Elena, a Russian film, has a dead horse, a murder, an aging woman, a box containing cash, and an young angry man. Yes, this sounds a lot like Fyodor Dostoevsky's Crime and Punishment. Though the elements are very similar, there are some huge differences between the sprawling novel, which is set in the middle of the 19th century (the rise of industrial capitalism), and this tightly shot and directed movie, which is set in our moment, the dawn of the 21st century (the fall of neoliberal capitalism).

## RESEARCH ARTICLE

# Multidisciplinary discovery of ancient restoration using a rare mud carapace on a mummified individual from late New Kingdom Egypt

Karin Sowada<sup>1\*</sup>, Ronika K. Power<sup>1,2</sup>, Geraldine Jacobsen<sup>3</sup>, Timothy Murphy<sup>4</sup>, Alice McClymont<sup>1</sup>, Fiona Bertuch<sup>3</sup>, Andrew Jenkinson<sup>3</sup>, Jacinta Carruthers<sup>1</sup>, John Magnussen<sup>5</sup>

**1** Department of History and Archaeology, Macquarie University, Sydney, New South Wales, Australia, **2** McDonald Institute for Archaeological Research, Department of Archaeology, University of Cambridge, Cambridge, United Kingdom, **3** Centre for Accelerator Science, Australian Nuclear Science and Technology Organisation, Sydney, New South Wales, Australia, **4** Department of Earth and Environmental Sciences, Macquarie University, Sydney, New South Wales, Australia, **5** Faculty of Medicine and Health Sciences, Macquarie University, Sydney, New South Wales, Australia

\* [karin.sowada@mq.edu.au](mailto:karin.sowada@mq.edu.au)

I will not detail the differences, as that would reveal the plot of this masterpiece of economical filmmaking (no fat on the acting, no waste in the script, no ambiguity about the class position of the characters, strict and focused cinematography, and a lean score—Philip Glass's Symphony No. 3 is played exactly three times). But I will say that Elena leaves you with the sense that the old Russian dushá (spirit, soul) or Russian spirituality (a spirituality that permeates, for example, Crime and Punishment) has been replaced by the cold, evolutionary logic of the selfish genes. The magic of Russian madness has been driven to extinction by the power pressures of money (pay attention to the horse scene in this movie). If you are not thinking about money, searching for money, making money, then you will fail to support, feed, shelter, educate the vehicles that will transport your genes into the future (pay attention to the final shots of this movie). Varsity Theatre, July 12–17.